The Construction Industry Scheme (CIS) affects the way that subcontractors in the construction industry pay tax in the UK. It means that the contractors they work for must deduct tax before paying them.
The Construction Industry Scheme (sometimes just called CIS) is a set of rules which affects the way that contractors working in the UK construction industry pay the subcontractors carrying out work for them.
Similar to the way in which employers make deductions for their employees’ tax and National Insurance, these deductions are basically an advance payment towards the subcontractor’s tax bill for the year.
How much are CIS deductions?
This depends on whether or not the subcontractor is registered for the Construction Industry Scheme. Contractors must verify their new subcontractor with HMRC before any work starts, so they can confirm their registration and tax status.
This CIS registration status is important, because it affects how much the contractor must deduct from the subcontractor’s invoice before they pay it.
If a subcontractor is registered for CIS, the contractor must deduct 20% of the invoice’s value before paying them
When a subcontractor isn’t registered for CIS, the contractor must deduct 30%. Ouch!
Contractors are hired to carry out specific tasks, and sometimes hire subcontractors to carry out work for them. It’s crucial that you know whether you’re considered a contractor or a subcontractor under the Construction Industry Scheme rules, so that you pay the right amount of tax and National Insurance and report the correct information to HMRC.
As far as the Construction Industry Scheme (CIS) is concerned, a subcontractor is a business or organisation which agrees to carry out construction work on behalf of a contractor.
Even if you hire employees or other subcontractors to help you complete the work, you can still be considered a subcontractor for CIS.
You might accept the contract as a self-employed sole trader or through your own limited company, or as some other type of business structure such as a partnership. Subcontractors can also be:
An agency or organisation which carries out construction work for a contractor using its own workers, or which supplies them to a contractor. This is different to an agency which ‘introduces’ someone with the intention that the contractor becomes their employer.
A local authority or some other type of public organisation
A gang leader (sometimes known as a ganger) who is contracted to coordinate and supervise a team
Is being a subcontractor the same as being an employee?
No, being a subcontractor isn’t the same as being directly employed by a contractor. Rather than working for the contractor as a regular employee, the contractor is basically your client.
Not every contract will come under CIS rules, for instance if the work is being paid for by a trust or a charity. There are also some circumstances when HMRC will exempt a contract from CIS.
If a contractor pays a subcontractor to carry out work worth less than £1,000 on property which belongs to them (not including the cost of materials). Exemptions aren’t given automatically though, so you’ll need to call the CIS helpline on 0300 200 3210.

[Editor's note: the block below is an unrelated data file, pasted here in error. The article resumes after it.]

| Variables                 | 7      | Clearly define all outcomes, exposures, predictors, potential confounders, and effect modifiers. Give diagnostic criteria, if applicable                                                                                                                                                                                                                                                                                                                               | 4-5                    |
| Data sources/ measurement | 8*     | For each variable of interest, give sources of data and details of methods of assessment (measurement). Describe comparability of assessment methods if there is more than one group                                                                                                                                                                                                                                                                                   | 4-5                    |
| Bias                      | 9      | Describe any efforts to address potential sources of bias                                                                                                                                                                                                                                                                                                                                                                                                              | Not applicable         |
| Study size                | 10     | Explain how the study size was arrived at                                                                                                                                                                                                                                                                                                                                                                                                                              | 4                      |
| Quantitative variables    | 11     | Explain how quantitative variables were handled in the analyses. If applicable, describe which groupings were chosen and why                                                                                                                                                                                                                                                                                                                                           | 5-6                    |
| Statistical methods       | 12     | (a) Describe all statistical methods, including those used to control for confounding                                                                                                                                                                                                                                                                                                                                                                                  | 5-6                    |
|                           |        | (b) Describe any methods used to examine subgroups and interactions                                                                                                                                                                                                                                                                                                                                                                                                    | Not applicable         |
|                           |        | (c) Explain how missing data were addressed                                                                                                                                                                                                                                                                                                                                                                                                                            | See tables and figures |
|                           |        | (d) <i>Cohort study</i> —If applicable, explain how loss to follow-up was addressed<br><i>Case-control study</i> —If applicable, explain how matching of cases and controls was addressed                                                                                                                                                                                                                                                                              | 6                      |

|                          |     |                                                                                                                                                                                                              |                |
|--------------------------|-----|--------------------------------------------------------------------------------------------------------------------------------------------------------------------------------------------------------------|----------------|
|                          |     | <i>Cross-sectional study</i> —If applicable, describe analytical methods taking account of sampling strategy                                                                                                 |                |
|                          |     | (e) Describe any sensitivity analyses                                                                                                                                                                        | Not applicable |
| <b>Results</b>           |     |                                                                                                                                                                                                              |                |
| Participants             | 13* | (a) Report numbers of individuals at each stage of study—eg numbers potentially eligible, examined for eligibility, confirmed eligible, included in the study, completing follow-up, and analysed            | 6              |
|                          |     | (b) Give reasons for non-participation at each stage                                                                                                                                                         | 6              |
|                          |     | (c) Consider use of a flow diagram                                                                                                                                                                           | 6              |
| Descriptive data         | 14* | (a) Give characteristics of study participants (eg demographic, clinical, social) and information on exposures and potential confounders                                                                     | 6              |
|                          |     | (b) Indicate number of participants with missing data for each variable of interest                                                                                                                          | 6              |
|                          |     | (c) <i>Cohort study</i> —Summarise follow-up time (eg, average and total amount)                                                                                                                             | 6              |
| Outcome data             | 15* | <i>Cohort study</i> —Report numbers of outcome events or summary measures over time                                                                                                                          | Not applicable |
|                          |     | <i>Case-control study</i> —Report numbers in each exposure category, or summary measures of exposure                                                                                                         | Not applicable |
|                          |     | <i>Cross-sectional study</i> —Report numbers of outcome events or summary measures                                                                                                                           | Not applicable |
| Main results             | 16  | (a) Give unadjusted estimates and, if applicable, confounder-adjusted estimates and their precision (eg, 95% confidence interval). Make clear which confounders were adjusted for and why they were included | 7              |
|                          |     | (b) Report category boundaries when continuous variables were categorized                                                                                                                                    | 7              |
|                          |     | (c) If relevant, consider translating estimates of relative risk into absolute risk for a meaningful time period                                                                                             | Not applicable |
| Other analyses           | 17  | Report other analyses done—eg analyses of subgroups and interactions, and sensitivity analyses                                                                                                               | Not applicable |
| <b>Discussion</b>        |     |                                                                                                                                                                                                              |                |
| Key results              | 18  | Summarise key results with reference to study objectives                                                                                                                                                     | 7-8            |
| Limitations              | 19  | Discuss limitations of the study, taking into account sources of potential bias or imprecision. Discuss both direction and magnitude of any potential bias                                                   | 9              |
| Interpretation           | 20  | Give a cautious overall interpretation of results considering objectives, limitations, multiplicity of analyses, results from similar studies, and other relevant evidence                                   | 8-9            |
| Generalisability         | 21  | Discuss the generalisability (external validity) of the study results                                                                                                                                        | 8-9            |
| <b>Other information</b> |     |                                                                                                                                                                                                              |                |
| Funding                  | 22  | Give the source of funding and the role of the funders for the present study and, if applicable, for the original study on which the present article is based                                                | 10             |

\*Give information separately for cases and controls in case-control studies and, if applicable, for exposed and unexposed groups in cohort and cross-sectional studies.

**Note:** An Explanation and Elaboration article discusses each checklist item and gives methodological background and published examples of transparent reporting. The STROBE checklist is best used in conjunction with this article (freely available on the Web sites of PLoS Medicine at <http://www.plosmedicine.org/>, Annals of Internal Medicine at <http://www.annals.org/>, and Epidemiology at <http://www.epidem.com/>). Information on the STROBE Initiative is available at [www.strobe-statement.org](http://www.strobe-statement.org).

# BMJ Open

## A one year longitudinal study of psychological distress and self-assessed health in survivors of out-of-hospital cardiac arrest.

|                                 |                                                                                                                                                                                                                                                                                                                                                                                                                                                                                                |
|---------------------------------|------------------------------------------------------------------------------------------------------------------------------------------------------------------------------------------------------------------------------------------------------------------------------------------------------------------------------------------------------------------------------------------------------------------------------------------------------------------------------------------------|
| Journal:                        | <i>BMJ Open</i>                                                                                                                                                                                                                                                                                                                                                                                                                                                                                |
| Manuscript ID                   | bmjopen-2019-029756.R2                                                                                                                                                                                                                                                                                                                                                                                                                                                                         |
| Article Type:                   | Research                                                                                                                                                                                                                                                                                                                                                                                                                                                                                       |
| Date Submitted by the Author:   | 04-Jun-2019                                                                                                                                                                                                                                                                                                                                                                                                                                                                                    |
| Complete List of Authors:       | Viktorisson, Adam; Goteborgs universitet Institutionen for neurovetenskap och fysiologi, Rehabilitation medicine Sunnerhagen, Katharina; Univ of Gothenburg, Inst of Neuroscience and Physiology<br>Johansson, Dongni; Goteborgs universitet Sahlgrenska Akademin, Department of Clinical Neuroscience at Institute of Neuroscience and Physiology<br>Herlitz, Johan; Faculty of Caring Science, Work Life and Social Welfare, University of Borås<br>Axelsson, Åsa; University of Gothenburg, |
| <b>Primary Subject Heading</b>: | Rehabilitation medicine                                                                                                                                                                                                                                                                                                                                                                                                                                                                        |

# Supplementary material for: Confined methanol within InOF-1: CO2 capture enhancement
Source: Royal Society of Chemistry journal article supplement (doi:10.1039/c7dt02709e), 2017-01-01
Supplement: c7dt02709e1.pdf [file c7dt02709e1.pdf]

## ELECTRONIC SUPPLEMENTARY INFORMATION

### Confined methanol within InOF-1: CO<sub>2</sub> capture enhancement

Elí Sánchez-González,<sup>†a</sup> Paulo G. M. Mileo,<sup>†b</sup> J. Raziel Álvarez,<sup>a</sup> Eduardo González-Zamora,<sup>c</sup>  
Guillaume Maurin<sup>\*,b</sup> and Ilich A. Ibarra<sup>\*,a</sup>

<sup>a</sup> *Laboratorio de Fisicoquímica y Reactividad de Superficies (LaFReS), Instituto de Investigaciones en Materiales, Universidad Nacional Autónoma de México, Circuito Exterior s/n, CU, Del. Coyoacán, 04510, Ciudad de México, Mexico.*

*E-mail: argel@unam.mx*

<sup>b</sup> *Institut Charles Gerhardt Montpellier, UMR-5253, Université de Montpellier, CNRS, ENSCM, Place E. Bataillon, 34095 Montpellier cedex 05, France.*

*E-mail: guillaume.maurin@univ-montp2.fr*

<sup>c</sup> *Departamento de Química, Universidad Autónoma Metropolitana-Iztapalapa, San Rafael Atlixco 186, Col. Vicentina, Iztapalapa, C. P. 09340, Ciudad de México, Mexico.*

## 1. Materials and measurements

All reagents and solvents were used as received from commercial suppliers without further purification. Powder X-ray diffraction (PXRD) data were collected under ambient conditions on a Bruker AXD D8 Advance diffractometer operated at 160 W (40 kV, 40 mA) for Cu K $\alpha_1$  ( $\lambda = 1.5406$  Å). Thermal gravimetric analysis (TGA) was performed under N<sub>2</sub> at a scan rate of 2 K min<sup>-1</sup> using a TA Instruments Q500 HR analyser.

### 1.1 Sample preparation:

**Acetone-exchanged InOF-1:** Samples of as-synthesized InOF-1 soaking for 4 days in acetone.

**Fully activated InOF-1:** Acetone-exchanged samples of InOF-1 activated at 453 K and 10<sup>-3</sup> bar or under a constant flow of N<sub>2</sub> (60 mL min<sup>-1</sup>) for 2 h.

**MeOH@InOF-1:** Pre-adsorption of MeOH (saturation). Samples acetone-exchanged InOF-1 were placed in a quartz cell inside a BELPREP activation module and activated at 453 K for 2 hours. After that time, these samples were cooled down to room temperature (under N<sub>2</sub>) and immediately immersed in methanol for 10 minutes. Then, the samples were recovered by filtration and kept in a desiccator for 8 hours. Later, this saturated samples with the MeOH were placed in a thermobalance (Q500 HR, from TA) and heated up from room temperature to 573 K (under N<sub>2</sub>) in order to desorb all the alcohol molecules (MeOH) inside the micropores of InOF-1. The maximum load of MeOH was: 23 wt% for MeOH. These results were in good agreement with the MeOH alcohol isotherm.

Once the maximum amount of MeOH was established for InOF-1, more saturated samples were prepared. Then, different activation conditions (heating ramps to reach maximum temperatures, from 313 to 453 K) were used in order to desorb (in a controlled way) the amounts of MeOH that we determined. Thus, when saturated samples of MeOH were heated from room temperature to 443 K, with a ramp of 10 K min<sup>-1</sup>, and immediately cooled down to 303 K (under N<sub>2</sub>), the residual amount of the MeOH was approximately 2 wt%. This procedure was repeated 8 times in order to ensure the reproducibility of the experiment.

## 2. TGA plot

Does CIS only apply in the UK?
Yes, the Construction Industry Scheme only applies to work taking place in the UK. A UK firm can have a contract to carry out work overseas and CIS won’t apply. On the other hand, an overseas firm doing construction work in the UK might be subject to CIS, so always check!
What do I need to do if I’m a subcontractor?
If you do fit the criteria of a subcontractor working in the construction industry, then ideally you should register for CIS as soon as possible. Registering means that contractors will make deductions at the lower rate, and this can make it easier to manage your cash flow throughout the year.
You’ll also need to give information to the contractor you’re carrying out work for, so that they can verify your CIS registration status. The information you provide depends on how you operate your business:
If you’re a sole trader then the contractor you carry out work for will deduct CIS tax depending on whether or not you’re registered for the CIS scheme.
If you’re CIS registered, the contractor will deduct 20% for CIS tax before they pay you.
If you’re not CIS registered, they’ll deduct 30%. When you submit Self Assessment, you can reclaim any overpayments that might happen as a result of this.
What does the tax-free Personal Allowance mean for sub-contractors?
The tax-free Personal Allowance is the amount you can earn before starting to pay tax. To explain why this is particularly relevant for sub-contractors, we’ll look at how it works for a regular employee.
If you work for an employer
They will normally apply the allowance to what they expect you to earn in a year.
This means that they’ll take the allowance into account when they work out how much to deduct from your wages each time that they pay you.
By the time you reach the end of the year, you’ve normally paid the right amount of tax (or very close to it).
If you’re a sub-contractor
The contractor won’t take the allowance into account when they work out how much CIS tax to deduct before paying you.
As a result, some sub-contractors reach the end of the tax year having paid a lot of tax, but without using up their Personal Allowance.
This means that they’ve paid more tax than they needed to, and can claim a tax rebate once they submit their Self Assessment.